On a lovely September afternoon we took a walk along a recently improved part of the waterfront, adjacent to Expedia’s new headquarters.
Expedia Group took over the 40-acres campus from Amgen, when that bio-technology company moved out of state. There’s parking for 2300 cars, but Expedia wants most of those stalls to remain empty on work days, offering free Orca cards and other incentives to keep employees from making single-occupant vehicle trips into Seattle.
At this point the building renovations (Amgen had biology research labs) have been completed, Expedia is moving into the buildings in phases, and the surrounding landscape treatments are being completed. A portion of the public improvements, including walking and bicycle paths and shoreline treatments have been provided as part of the project.
Expedia group’s head of global real estate said when Amgen left, they jumped at the chance to take it over. “We worked with our landscape architects to create just a brilliant experience. We purposefully challenged what corporate interiors might be,” said Mark Nagle, Expedia Group’s Vice President for Global Real Estate.
The Amgen complex was very private , but Expedia really opened it up, so that employees have a great view out to Elliott Bay and all those cruise ship customers they serve, plus people running the waterfront trail have a chance to see onto the new campus.
This also provided the vantage points from which we could see everything.
We parked in the ground level of the Expedia garage – space provided as a public benefit – and started along the new paths.
The new paths offer gracious landscape separations between bicycles and pedestrians as well as establishing a green framework for the Expedia campus.
Occasional seating provides viewing of cruise ship operations (but not this season). Towards the “corner” of the site, the designers have introduced a “hill” as a conscious viewing point.
A gravel side path eases up the north flank, offering accessible access to the viewing point at the top, from which the harbor and Mt Rainier come into view.
On the south side of the hill, facing this view (and sunshine) a stepping set of stone and grass terraces offer places to sit and take everything in. The rugged landscaping, composed of rocks, logs and a variety of grasses is all an intentional component of the project.
The other flank has a bit more rugged quality as it faces the water and periodic tide and wave intrusion.
This hill also allowed us to see how Expedia had revised the original Amgen approach, and how the new facility sits adjacent to the Port of Seattle’s Terminal 86 – Grain Facility. It’s not the most felicitous relationship; but Expedia was working with a lot of constraints.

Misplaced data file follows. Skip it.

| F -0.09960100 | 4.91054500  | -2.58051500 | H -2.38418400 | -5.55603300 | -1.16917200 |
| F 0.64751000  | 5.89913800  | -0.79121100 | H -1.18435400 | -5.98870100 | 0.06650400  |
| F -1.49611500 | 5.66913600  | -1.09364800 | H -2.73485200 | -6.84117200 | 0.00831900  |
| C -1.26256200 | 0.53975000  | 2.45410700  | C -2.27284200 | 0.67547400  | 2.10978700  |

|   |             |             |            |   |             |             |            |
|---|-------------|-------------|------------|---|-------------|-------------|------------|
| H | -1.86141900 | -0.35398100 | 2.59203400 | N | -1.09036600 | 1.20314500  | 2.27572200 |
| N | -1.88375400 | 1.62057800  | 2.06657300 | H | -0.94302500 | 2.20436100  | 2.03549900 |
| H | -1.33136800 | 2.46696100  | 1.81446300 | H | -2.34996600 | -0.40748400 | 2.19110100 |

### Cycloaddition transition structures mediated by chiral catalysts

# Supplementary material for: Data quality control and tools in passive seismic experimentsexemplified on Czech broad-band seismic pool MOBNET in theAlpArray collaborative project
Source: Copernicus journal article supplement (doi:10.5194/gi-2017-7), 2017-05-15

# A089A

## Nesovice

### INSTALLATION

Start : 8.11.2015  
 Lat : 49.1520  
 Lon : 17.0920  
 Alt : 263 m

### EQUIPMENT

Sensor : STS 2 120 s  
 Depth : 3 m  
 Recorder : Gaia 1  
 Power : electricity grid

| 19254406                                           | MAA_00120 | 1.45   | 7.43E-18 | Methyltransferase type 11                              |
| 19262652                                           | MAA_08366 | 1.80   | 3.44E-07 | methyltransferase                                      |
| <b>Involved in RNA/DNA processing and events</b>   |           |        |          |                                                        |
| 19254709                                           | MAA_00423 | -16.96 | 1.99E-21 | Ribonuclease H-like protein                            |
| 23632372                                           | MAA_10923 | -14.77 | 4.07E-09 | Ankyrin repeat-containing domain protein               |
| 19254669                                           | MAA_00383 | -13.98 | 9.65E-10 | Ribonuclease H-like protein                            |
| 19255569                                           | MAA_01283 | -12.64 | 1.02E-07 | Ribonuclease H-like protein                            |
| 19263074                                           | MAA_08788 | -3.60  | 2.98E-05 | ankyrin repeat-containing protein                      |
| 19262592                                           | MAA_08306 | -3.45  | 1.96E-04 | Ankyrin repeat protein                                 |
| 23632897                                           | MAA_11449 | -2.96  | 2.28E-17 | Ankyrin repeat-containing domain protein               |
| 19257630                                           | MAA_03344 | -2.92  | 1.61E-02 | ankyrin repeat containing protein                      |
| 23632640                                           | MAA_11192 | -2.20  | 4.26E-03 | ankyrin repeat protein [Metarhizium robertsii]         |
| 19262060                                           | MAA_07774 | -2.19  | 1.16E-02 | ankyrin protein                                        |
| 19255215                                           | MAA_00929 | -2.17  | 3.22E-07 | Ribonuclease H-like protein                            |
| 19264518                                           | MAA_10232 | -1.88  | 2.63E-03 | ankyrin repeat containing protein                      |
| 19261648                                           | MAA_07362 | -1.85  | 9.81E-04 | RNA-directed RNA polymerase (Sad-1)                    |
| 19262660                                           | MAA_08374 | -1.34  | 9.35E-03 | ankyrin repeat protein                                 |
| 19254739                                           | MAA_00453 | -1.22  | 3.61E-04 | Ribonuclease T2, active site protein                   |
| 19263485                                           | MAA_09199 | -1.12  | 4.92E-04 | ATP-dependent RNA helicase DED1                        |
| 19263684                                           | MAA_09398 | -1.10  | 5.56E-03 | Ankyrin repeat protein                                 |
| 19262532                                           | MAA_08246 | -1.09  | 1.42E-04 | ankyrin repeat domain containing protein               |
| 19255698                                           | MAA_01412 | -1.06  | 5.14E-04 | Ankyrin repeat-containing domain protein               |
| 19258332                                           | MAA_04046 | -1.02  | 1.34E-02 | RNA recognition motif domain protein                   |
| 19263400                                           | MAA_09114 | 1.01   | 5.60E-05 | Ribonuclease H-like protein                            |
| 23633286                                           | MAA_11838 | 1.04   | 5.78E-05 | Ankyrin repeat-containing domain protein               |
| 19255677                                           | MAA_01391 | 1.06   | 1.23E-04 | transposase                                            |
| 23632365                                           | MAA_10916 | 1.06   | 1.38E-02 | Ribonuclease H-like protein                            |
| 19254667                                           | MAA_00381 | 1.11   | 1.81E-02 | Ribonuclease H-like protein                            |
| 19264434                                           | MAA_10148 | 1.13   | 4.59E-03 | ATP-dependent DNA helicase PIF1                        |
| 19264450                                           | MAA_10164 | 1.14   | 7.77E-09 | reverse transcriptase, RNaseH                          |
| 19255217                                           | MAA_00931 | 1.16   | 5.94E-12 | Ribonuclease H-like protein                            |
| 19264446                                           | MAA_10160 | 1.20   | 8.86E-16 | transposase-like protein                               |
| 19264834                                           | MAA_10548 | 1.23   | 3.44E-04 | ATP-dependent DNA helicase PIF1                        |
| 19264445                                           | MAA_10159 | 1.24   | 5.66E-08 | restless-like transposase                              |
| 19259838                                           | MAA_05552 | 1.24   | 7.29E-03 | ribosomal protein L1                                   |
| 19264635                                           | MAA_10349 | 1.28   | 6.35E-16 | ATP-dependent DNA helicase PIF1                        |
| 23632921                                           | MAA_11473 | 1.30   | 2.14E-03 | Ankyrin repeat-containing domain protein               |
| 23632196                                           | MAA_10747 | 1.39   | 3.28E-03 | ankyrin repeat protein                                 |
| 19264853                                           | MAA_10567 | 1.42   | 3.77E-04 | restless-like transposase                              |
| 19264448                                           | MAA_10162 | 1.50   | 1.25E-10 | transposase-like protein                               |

A little farther down the trail, we could look back “into” the center of the complex.
In the view above, the white elements on the right comprise the portion built by Amgen, though they have been significantly altered in character. The large glassy element on the left is a totally new building added by Expedia – close-up below.
This building, with its Jenga-like stacked floors, creates an almost total contrast to the earlier buildings and to the landscaping improvements. It’s pretty obvious that this is intentional. The landscaping between this building and the shoreline pays homage to typical Northwest beach environments – strewn with logs interlaced with rugged grasses.
It appears that this approach is partly aesthetic and partly functional – in the sense that in the event of high water storm events, some flooding could occur in this area.
The next portion of the project was mysterious, though I’m sure there must have been a programmatic requirement.
In dramatic contrast to the nearby grain silos, a small facility (conference area?) has been built with a sharp-edged roof and rusted steel fencing.
We continued a bit farther down the path towards the grain terminal.
The grain is unloaded from railroad hopper cars on the far side of the silos, stored in them until needed, and then transferred by the diagonal conveyor to the dock where the cargo ships wait.
Of course, our Space Needle guardian tower anchors the center of the view.
The photogenic qualities of the operation are undeniable.
A little closer to the terminal we came on a small rain garden developed by the Port to help manage water and potential contamination running from the site to the harbor.
This includes, of course, an explanation of what you’re seeing, since rain gardens by themselves don’t stand out in any unusual way.
Finally, the reward for working your way past the grain terminal is an expansive view of the harbor and Mt Rainier.
Thursday, May 28, the Queen Anne Farmers Market opened its 2020 season, operating for the first time under Corona virus social constraints.
With help from the Seattle Department of Transportation (SDOT), Matt Kelly, Director of the Market worked out a plan that would allow shoppers and farmers to all have a safe experience. This produced an L-shaped market plan, incorporating one block of West Crockett Street and a portion of adjoining 1st Avenue West, next to McClure Middle School.